“Before we could really start on that journey, we had to understand our customers/members. So we looked at that a couple ways. First we had to take a look at our audience. We knew that our core users were from 18 to—we like to say 108. So that means the young enlisted officer to those who are fully retired and enjoying time with their grandchildren and family.”
The usability study asked questions like why they wanted to join and what did they enjoy reading from the print magazine. “But we wanted to understand them digitally,” Belanga said, adding that even given their older audience, mobile access to their site has surprisingly climbed even with desktop.
“We found out a lot of great information. We always assumed that we knew our audience and for the most part we did, but we found more pockets of confusion about where users should be going on the site,” Belanga said. “Maybe it’s more a case of terminology where internally we could think of it one way but externally our users are thinking of a different term. And with the military there’s a lot of acronyms and terms, nicknames and such, so we wanted to make sure [the site] was really cohesive for the user. We found some opportunities where we could enhance our information architecture to make it easier for them to find information. Also with our 400 chapters, they were quite vocal; they needed to receive their information more streamlined and better, so we listened to them and definitely delivered there.”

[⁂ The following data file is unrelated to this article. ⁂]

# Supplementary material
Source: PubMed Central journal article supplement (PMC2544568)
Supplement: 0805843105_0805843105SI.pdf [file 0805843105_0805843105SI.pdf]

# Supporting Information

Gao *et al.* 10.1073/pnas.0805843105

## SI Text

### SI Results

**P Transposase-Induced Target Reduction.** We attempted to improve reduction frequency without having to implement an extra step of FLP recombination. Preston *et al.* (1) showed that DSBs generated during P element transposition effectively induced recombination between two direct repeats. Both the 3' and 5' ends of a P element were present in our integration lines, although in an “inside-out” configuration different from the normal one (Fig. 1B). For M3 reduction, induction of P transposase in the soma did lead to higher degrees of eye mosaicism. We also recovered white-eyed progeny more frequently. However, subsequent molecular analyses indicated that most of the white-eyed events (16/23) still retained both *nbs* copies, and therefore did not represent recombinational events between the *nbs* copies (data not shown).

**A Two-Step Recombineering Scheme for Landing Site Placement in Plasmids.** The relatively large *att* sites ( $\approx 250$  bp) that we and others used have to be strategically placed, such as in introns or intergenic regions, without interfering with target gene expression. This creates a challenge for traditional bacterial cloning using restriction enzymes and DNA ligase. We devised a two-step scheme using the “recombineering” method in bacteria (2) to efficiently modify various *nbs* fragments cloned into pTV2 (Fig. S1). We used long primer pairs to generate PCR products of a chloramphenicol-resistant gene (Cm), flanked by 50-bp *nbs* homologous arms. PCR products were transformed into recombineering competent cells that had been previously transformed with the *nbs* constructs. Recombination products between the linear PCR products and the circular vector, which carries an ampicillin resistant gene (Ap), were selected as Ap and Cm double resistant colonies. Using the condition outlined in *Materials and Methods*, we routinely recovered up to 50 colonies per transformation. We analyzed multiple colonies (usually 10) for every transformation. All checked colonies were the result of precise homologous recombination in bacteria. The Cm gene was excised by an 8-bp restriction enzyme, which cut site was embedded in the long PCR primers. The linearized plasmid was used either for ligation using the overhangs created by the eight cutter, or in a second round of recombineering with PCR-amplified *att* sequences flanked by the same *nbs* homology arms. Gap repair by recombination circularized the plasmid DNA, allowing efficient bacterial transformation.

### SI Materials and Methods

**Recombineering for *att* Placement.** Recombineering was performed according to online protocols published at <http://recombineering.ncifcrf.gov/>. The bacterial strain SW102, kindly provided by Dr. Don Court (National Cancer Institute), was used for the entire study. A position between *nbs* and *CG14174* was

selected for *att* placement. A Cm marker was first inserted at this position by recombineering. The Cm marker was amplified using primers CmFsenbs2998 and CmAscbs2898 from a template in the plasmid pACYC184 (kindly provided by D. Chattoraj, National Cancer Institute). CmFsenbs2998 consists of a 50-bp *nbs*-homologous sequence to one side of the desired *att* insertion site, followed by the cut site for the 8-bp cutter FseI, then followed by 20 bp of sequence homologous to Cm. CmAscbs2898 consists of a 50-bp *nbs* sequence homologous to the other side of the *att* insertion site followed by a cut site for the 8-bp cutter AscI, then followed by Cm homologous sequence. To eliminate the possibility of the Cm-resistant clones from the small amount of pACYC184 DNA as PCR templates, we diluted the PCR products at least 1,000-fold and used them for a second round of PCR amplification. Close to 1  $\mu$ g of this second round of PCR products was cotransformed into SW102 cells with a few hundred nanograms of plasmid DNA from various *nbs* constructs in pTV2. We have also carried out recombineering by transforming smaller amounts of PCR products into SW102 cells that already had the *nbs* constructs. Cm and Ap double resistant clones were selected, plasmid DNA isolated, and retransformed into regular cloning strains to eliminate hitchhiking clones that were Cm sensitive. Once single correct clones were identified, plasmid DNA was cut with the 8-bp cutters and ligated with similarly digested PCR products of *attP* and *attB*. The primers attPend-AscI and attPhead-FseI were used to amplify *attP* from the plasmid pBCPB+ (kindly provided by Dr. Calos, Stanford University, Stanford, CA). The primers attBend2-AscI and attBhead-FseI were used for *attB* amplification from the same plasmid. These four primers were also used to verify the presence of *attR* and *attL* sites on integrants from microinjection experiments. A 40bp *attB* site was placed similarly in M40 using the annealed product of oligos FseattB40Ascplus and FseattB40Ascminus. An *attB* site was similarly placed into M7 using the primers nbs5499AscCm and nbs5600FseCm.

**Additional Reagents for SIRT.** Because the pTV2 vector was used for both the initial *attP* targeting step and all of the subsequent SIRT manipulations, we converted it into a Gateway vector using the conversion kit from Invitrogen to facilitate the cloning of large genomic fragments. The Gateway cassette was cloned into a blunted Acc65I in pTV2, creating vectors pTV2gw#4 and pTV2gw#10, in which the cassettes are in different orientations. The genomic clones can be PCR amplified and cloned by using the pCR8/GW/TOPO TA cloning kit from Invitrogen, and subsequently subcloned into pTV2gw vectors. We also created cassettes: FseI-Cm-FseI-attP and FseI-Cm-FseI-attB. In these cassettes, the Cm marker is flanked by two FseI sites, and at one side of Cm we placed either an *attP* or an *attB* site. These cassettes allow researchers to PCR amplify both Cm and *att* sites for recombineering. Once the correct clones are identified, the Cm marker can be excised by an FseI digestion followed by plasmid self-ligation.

On the old website, MOAA “put everything we could possibly think of in front of them,” Belanga said. There was internal politics, obligations to contractors and maybe that we-will-post-because-we-can thinking. But finally, they had to step it back. The home page was overwhelming. Users couldn’t find the information they needed, and the study confirmed that.